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CES 2017: Autonomous Hyundai gives rivals a run for their money

Hands off: the Ioniq prototype drives fully autonomously. (Photo: Hyundai)

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It’s not just about the price tag anymore. Hyundai and Kia are now catching up with heavyweights like Volkswagen, as their technological standards continue to improve. At CES 2017, Hyundai put their first autonomous test vehicles on the roads of Las Vegas. We went for a driverless spin.

At first glance, this driverless journey would seem like nothing to write home about for Hyundai’s Cason Grover. At home, in Hyundai’s giant research center in Namyang, Korea, the company has been testing autonomous vehicles for quite some time. There, senior Hyundai and Kia executives get chauffeured along long test roads in the company’s “village”. However, Grover is not in Korea – and Paradise Road is not private.

The technology coordinator at Hyundai America is on a business trip in Vegas. And while his hands have been off the wheel for the last couple of minutes, his Ioniq vehicle has been driving electrically and autonomously around the huge Convention Center – mastering a 2.5 miles (4 kilometers) circuit with traffic lights, intersections, stop signs and pedestrian crossings.

An autonomous city cruise can hardly be considered a novelty in 2017. Especially in Las Vegas, where the automotive industry has conquered CES for several years now. Here, self-driving cars dominate most of the business chats at the electronics trade fair. However so far, the conversation had rarely turned to Hyundai. “Many people still consider us a dusty low-cost brand that only sells large quantities due to its cheap prices,” says research head Woong Chul Yang.

He is now investing billions of dollars to change that perception. A large chunk of that budget is being used to promote alternative driving technologies – and vehicles like the Ioniq prove that the investment is paying off. As a designated eco car with hybrid, plug-in or pure electric drive, the Ioniq is already a legitimate competitor for Toyota’s Prius and the like.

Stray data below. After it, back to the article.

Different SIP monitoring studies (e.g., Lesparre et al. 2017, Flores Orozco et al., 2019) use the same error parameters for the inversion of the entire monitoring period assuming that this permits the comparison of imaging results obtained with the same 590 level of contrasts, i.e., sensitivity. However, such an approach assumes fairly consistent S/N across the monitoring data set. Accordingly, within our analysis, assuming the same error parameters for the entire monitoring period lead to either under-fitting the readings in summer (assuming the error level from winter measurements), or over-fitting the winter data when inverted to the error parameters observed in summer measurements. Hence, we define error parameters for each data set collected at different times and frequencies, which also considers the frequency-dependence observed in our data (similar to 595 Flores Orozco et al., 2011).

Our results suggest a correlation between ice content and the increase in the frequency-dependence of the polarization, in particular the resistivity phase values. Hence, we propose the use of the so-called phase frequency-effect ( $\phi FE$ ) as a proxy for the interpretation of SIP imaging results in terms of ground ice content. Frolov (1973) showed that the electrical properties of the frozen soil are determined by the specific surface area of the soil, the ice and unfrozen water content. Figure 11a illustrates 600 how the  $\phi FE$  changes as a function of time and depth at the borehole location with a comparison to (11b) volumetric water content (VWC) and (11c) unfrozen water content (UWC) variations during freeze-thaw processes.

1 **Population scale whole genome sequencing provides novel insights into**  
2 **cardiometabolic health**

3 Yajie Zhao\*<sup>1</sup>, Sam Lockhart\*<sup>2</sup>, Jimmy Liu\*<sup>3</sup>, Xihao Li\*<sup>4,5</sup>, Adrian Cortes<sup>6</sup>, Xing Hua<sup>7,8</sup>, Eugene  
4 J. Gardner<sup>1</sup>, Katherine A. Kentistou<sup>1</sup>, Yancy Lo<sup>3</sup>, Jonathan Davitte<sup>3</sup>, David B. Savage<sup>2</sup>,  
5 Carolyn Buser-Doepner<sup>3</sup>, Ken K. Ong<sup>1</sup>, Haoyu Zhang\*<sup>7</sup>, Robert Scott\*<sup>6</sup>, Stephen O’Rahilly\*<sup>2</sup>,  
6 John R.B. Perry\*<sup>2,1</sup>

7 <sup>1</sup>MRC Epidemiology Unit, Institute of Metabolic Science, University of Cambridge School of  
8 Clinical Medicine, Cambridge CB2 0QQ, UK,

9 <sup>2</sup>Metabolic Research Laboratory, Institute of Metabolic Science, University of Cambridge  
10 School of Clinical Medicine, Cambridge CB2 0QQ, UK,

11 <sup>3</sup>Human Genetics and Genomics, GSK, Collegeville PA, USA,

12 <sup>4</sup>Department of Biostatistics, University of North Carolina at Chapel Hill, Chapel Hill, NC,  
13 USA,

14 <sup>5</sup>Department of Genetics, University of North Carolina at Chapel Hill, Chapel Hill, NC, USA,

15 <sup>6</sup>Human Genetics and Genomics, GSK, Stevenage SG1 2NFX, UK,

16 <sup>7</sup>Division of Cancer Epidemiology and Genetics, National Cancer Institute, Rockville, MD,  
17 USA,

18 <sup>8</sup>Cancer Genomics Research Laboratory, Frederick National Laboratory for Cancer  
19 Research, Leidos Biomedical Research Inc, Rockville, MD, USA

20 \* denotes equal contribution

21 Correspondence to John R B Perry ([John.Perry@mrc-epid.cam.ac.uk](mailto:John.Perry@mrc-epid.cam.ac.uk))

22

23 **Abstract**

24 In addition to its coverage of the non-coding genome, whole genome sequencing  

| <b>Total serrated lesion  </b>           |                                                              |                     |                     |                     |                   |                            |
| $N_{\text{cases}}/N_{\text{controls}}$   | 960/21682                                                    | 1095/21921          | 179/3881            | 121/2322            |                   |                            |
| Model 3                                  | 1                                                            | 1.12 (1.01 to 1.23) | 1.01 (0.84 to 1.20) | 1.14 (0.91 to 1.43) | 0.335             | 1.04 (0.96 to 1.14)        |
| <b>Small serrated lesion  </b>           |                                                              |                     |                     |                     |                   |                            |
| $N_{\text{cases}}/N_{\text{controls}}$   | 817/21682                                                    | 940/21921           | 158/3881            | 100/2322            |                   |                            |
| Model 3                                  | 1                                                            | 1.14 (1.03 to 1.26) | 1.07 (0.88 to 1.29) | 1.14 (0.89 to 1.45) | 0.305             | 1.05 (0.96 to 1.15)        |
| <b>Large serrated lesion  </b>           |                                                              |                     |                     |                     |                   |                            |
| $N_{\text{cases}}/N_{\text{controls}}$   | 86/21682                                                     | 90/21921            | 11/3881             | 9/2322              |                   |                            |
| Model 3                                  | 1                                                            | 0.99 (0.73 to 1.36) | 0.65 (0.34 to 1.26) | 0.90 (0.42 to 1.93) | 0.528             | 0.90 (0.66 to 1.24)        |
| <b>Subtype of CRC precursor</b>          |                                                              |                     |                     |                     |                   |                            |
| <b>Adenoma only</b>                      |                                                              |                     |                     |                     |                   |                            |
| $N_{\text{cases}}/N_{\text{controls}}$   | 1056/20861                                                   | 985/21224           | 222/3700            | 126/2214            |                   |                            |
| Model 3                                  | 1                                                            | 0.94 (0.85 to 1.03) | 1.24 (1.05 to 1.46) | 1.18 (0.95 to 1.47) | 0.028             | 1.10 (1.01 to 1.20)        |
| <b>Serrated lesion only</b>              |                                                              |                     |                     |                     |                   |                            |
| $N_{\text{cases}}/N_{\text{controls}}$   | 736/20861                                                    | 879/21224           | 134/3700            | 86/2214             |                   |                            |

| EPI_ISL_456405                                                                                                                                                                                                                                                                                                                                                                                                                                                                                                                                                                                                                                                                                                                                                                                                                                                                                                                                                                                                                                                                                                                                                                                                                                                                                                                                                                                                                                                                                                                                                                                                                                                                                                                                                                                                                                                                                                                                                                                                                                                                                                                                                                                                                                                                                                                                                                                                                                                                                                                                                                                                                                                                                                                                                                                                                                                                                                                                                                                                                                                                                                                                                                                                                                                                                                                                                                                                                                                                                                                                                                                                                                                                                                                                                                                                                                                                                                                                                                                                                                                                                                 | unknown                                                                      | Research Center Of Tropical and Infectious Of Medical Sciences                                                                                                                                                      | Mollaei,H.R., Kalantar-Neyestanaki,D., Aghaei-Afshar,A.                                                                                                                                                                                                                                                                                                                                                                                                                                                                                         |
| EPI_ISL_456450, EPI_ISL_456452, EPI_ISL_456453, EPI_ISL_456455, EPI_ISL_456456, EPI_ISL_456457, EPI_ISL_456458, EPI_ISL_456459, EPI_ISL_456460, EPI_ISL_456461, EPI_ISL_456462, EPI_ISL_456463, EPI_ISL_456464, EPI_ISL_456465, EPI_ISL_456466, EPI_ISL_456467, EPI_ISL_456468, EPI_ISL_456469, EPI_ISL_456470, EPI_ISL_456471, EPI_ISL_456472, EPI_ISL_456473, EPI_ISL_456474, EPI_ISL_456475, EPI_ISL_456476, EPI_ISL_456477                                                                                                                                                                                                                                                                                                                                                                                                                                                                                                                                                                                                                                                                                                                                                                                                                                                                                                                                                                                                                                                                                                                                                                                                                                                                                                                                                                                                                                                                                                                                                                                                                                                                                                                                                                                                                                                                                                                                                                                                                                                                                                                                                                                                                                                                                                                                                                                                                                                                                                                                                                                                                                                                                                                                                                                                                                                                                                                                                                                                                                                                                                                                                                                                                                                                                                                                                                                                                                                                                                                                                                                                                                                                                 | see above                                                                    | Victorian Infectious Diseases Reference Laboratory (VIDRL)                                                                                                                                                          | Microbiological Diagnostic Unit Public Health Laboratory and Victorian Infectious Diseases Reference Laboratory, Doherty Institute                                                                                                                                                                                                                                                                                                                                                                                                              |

Huge investments in autonomous driving

But that’s not all. By 2018, the company plans to spend about two billion dollars on the advancement of assistance systems such as lane keeping and adaptive cruise control. Hyundai aims to offer self-driving vehicles to their customers in the foreseeable future. “On highways, this could work by the end of this decade,” Grover says optimistically. “Country roads will follow and urban scenarios, like here in Las Vegas, are not more than ten years away, either,” he stresses – much like other large OEMs.

The autonomous Ioniq hit the Las Vegas roads for CES 2017. (Photo: Hyundai)

This is not the only topic where Hyundai is in line with most other car manufacturers. “There is nothing that we’re doing fundamentally differently to our competitors,” Grover says with regard to the technology and logic of the Korean autopilot. The Ioniq also needs highly detailed maps with additional information – a team from Korea measured and digitalized the circuit for weeks to collect the data. The vehicle also orients itself with the help of camera, laser and radar scanners. And much like most autonomous test vehicles, the Ioniq drives rather cautiously and defensively: it follows the rather unusual American rules regarding right-of-way and turning very accurately.

The car always keeps a proper distance – even in rush hour congestion. It drives through narrow curves almost at walking speed. And as soon as a pedestrian appears somewhere, all systems become vigilant. Business as usual with autonomous test rides.

A display keeps the passenger in the loop at all times. (Photo: Hyundai)

Keeping driverless cars affordable

However, Hyundai has set certain development priorities differently, according to Grover. “We stand for affordable vehicles. Sometimes, we may have to look a little closer at the costs than certain premium brands. That is why we try to keep the set of sensors as small as possible.” For instance, the Ioniq lacks a Lidar array on the roof – contrary to many other prototypes. And if conventional assistance systems like lane changing or traffic sign recognition already draw on cameras, the autopilot simply uses them as well. This not only reduces the effort but also any abnormal-looking features. If it wasn’t for a second set of cameras installed in the windscreen and an unconventional license plate, you might think the Ioniq is a standard car.

A set of cameras is installed at the windscreen. (Photo: Hyundai)

The second big difference to rival companies is that regarding communication with passengers. Hyundai is particularly keen to ensure that the occupants can comprehend what the car sees, thinks and does at all times. That is why Hyundai has installed a second screen in the front and another two tablets in the back with displays for recognizing the environment. For Grover, this is at least as important as the trouble-free ride that the Ioniq demonstrates during its countless rounds around the Convention Center. “If we cannot win the full confidence of the passengers in autonomous driving, then this technology will barely have a chance.”

Do you consider Hyundai a serious contender in the driverless car race? Share your thoughts in the comment section!

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